Orihah reigns in righteousness—Amid usurpation and strife the rival kingdoms of Shule and Cohor are set up—Prophets condemn the wickedness and idolatry of the people, who then repent.
1 AND it came to pass that Orihah did execute judgment upon the land in righteousness all his days, whose days were exceedingly many.
Orihah reigns in righteousness all his life. His life was long and may have equaled that of his father.
2 And he begat sons and daughters; yea, he begat thirty and one, among whom were twenty and three sons.
Orihah has a large posterity. He may have had more than one wife. He had many sons who could have competed for the throne, but it appears that they didn't contest their father's choice.
3 And it came to pass that he also begat Kib in his old age. And it came to pass that Kib reigned in his stead; and Kib begat Corihor.
Kib was the youngest son of Orihah and continued the practice of having the youngest son reign.
4 And when Corihor was thirty and two years old he rebelled against his father, and went over and dwelt in the land of Nehor; and he begat sons and daughters, and they became exceedingly fair; wherefore Corihor drew away many people after him.
Corihor was now a grown man. We see a later Nephite rebel with the same name (Korihor), but with different spelling. Perhaps Corihor saw that he was not in line for the throne, therefore he rebelled, took his friends and supporters with him, and established his own kingdom on the fringe of his father's domains. The name Nehor is new to the account, but it was apparently an established place name before Corihor ever settled there. We see it appear later in the Nephite record as the name of an apostate, and also as a Jareditish religion. Hugh Nibley describes this “drawing away” process as very typically Asian. We will see it again and again throughout the Jaredite history. Corihor's sons and daughters are fair, handsome and popular. They assisted their father in drawing away many of their grandfather's people. These children of Corihor are apparently adults at this time, so the rebellion has probably gone on for a long time.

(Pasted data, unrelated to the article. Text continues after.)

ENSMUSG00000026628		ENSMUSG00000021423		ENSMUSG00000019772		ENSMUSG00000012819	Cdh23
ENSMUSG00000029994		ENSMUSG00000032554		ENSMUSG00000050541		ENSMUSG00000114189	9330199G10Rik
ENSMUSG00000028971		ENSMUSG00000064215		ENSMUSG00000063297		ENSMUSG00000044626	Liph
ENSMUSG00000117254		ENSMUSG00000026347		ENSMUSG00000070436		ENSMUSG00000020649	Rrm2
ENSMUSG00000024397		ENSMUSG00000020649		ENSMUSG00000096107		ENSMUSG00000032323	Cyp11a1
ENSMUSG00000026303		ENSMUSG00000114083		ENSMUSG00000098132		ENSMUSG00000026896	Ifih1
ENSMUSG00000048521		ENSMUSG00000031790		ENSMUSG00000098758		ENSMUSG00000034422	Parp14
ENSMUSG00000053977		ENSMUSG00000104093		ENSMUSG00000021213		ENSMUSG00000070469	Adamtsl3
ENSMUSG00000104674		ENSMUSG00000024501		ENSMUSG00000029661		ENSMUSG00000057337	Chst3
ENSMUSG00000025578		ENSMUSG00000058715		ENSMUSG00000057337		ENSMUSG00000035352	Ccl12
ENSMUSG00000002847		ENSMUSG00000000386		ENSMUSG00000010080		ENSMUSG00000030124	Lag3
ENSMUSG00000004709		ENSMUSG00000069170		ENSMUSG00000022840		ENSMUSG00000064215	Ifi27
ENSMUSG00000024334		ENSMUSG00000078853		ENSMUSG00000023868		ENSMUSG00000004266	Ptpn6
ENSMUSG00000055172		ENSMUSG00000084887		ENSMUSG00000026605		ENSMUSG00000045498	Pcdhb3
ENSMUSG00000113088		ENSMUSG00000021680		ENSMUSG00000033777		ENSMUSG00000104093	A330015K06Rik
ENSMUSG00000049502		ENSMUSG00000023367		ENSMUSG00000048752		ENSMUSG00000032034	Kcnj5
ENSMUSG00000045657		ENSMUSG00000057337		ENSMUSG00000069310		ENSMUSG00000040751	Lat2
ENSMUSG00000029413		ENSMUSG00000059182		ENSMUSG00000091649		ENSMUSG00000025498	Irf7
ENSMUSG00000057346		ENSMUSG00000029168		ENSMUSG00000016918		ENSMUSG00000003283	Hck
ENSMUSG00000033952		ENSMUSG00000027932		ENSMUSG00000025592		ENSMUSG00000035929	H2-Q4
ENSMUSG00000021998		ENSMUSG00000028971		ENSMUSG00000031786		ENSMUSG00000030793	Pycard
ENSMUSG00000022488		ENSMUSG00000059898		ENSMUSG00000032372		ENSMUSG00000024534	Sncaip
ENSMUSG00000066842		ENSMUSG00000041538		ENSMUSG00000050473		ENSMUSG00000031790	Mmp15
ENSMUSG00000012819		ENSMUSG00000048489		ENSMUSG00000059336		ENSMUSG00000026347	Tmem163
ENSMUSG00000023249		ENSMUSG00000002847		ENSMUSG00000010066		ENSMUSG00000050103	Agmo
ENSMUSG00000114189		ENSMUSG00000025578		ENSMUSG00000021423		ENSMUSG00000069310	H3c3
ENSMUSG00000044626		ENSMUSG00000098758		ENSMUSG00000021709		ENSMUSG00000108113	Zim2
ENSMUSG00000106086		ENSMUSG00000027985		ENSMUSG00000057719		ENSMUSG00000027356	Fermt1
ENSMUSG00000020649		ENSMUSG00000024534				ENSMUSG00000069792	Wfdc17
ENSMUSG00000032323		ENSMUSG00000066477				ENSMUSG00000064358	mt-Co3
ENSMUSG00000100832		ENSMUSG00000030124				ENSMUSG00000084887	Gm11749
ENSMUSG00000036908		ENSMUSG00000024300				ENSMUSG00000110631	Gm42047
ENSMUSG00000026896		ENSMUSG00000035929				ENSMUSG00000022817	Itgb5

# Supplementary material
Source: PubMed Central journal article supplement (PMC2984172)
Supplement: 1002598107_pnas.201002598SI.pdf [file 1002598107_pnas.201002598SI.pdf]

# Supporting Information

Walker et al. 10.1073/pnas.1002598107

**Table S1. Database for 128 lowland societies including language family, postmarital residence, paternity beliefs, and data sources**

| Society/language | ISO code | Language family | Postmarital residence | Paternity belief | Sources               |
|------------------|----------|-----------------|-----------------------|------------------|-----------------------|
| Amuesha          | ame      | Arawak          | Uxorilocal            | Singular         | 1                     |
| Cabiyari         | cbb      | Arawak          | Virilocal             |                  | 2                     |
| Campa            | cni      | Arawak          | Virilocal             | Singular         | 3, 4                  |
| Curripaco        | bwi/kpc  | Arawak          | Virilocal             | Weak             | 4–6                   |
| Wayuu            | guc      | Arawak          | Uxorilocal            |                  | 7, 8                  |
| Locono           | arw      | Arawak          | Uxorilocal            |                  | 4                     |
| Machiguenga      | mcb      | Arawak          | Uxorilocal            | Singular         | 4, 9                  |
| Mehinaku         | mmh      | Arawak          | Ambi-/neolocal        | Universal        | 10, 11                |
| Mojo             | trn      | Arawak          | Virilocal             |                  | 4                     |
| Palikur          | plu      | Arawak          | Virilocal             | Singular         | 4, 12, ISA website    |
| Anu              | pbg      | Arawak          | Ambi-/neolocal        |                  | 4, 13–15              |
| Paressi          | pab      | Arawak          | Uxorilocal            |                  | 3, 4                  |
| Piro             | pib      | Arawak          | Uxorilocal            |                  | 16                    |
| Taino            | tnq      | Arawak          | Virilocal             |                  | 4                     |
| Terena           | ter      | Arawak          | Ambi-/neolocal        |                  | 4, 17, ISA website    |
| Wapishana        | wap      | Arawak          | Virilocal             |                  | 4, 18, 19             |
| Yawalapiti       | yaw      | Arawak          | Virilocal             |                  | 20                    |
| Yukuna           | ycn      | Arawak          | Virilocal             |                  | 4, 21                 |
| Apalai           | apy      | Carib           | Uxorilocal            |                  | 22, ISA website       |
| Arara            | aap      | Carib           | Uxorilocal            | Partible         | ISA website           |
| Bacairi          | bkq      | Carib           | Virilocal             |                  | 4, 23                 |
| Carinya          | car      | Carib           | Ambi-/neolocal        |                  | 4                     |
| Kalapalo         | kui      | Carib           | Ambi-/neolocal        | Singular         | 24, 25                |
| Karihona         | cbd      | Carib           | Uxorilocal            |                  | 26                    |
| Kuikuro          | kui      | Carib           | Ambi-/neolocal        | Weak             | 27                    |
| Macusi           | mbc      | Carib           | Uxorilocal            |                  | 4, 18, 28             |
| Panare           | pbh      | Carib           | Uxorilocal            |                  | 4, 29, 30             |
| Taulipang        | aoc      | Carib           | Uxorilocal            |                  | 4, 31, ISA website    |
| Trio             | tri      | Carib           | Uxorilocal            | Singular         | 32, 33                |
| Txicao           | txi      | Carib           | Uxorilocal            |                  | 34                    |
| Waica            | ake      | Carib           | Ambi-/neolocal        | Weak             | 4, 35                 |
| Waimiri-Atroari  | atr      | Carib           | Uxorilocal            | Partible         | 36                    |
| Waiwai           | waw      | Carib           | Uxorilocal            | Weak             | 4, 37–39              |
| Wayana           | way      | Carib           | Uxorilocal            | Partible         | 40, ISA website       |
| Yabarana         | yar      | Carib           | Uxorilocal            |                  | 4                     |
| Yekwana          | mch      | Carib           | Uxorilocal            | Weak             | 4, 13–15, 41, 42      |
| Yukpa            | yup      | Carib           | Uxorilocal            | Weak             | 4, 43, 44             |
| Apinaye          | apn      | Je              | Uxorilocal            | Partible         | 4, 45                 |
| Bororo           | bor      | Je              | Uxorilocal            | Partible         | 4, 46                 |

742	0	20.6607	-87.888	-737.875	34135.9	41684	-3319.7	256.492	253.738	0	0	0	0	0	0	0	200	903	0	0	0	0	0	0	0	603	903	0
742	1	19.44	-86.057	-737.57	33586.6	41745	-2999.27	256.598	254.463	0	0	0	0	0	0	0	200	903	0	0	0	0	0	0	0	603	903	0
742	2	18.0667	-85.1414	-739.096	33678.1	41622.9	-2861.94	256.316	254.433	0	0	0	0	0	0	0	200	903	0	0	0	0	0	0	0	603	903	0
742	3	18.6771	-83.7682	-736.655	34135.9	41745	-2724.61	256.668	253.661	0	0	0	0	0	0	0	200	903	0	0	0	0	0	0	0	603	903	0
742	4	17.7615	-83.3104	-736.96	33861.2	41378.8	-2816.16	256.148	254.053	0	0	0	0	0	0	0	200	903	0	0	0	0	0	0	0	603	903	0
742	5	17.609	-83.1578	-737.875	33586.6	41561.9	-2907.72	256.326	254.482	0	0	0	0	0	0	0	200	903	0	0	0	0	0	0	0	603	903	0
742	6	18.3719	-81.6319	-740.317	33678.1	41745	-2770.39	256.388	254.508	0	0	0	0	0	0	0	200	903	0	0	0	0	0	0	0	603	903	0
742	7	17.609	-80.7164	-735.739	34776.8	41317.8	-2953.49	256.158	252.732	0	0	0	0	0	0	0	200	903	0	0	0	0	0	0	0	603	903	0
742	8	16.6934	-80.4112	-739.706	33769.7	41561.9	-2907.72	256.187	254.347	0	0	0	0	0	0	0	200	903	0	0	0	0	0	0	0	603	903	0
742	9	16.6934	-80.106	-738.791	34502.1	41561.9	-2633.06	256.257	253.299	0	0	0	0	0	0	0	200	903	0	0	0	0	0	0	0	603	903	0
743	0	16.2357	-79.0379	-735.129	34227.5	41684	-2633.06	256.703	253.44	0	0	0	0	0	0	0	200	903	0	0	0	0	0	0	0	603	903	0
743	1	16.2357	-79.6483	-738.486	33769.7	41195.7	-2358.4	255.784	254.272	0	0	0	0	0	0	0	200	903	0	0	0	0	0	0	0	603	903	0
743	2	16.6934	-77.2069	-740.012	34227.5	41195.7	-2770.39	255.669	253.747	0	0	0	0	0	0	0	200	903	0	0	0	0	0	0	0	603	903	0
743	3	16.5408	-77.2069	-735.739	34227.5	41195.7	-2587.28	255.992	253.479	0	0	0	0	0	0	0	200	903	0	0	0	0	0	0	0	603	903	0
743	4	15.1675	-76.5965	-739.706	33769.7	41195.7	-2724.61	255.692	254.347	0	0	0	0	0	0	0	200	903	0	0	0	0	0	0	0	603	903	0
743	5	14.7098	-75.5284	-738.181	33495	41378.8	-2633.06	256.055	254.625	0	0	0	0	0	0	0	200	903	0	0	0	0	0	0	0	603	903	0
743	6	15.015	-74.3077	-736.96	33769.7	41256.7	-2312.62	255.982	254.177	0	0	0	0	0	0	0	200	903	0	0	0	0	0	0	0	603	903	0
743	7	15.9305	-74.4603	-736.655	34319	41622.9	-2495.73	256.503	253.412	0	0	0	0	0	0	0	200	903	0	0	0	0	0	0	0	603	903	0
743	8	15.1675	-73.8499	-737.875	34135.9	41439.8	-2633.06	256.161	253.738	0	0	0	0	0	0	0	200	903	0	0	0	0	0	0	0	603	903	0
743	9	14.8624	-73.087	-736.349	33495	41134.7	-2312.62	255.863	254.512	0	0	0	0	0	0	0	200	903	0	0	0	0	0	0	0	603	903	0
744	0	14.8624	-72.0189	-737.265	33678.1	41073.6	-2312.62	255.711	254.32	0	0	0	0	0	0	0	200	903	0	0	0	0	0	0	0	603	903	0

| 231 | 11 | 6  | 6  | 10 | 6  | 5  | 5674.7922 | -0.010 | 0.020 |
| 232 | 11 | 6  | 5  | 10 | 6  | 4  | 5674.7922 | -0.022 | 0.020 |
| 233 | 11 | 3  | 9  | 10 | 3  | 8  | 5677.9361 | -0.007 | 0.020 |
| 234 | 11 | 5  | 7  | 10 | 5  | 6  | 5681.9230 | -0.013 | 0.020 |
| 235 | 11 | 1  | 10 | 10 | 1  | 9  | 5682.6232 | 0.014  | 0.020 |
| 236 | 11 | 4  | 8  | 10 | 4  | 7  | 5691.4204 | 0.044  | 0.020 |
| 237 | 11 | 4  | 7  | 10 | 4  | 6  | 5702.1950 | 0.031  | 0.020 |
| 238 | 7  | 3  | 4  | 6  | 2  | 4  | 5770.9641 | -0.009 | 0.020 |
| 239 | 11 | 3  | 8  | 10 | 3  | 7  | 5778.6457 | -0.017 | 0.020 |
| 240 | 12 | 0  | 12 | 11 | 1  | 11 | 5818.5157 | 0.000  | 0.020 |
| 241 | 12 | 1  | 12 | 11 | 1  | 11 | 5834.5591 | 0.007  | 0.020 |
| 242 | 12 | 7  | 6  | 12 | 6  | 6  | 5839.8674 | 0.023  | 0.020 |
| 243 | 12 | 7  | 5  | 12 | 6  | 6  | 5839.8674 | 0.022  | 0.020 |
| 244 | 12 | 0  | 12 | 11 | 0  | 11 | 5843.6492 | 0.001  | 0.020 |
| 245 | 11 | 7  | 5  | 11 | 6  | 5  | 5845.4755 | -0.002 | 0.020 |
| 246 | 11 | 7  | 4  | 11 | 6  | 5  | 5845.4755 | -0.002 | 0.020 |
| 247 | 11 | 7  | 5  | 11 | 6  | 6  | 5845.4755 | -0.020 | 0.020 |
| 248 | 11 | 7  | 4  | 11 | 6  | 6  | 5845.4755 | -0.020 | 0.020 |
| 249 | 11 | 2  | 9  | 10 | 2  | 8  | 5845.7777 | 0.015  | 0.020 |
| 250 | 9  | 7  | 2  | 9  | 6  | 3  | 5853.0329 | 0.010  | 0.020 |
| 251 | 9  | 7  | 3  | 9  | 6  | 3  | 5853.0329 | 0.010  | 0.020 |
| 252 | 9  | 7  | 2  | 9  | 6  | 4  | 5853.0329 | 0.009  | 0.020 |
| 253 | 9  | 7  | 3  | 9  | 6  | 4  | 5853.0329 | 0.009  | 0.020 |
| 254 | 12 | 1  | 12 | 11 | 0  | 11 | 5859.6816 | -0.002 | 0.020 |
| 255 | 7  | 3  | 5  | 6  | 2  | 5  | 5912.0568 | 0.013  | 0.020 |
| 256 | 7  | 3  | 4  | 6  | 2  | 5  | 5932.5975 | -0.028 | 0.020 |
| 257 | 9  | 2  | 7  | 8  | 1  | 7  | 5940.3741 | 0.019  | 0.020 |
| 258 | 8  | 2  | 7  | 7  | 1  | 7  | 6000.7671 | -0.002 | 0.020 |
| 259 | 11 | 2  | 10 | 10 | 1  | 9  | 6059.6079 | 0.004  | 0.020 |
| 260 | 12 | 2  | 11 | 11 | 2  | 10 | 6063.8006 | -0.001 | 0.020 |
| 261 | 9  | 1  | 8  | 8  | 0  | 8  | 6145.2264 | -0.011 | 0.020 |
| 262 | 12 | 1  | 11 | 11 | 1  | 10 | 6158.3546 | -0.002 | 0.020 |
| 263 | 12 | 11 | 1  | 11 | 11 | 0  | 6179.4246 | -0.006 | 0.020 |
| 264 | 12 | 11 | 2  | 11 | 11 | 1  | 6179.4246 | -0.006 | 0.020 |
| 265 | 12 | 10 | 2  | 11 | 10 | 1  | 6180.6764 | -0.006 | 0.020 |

5 And when he had gathered together an army he came up unto the land of Moron where the king dwelt, and took him captive, which brought to pass the saying of the brother of Jared that they would be brought into captivity.
Over a period of years Corihor is able to accumulate a large army. This was probably his long range plan, in the Asian tradition, just as Nibley has pointed out. He attacks his father in the capitol of Moron and takes him captive. It is strange that no mention of defense on the part of Kib is mentioned. The prophecy of Moriancumer begins to be fulfilled.
6 Now the land of Moron, where the king dwelt, was near the land which is called Desolation by the Nephites.
Central America showing Moron
Where the king dwelt – Moron was the political capitol of the Ether Jaredites. The land of Moron would have been the large rural area surrounding the city. This is one of the important geographical clues found in the Book of Mormon. Moron was “near” the Nephite land of Desolation (probably to the north). In my model, the land of Desolation would have been northwestern Nicaragua, north of the “narrow neck,” or north of the town of Rivas. The area to the north of this land would have been the area around the Gulf of Fonseca. Concerning the term “near”, we have to remember that the Nephites judged geography from a horizontal, ground level, so near was probably within a distance of several days journey.
7 And it came to pass that Kib dwelt in captivity, and his people under Corihor his son, until he became exceedingly old; nevertheless Kib begat Shule in his old age, while he was yet in captivity.
Kib serves in captivity, under his son, until his death. “Exceedingly old” would be an age between 100-200 years old. “And his people” seems to infer that those who were loyal to Kib were captives also, or at least less than full fledged citizens, and subject to the tyranny of Corihor. In Kib's old age a son is born who will regain the kingdom. Another example of the youngest son tradition. Apparently, although a captive and slave, Kib was allowed to associate with his family.
Hugh Nibley sheds light on this ancient tradition of enslaved kings.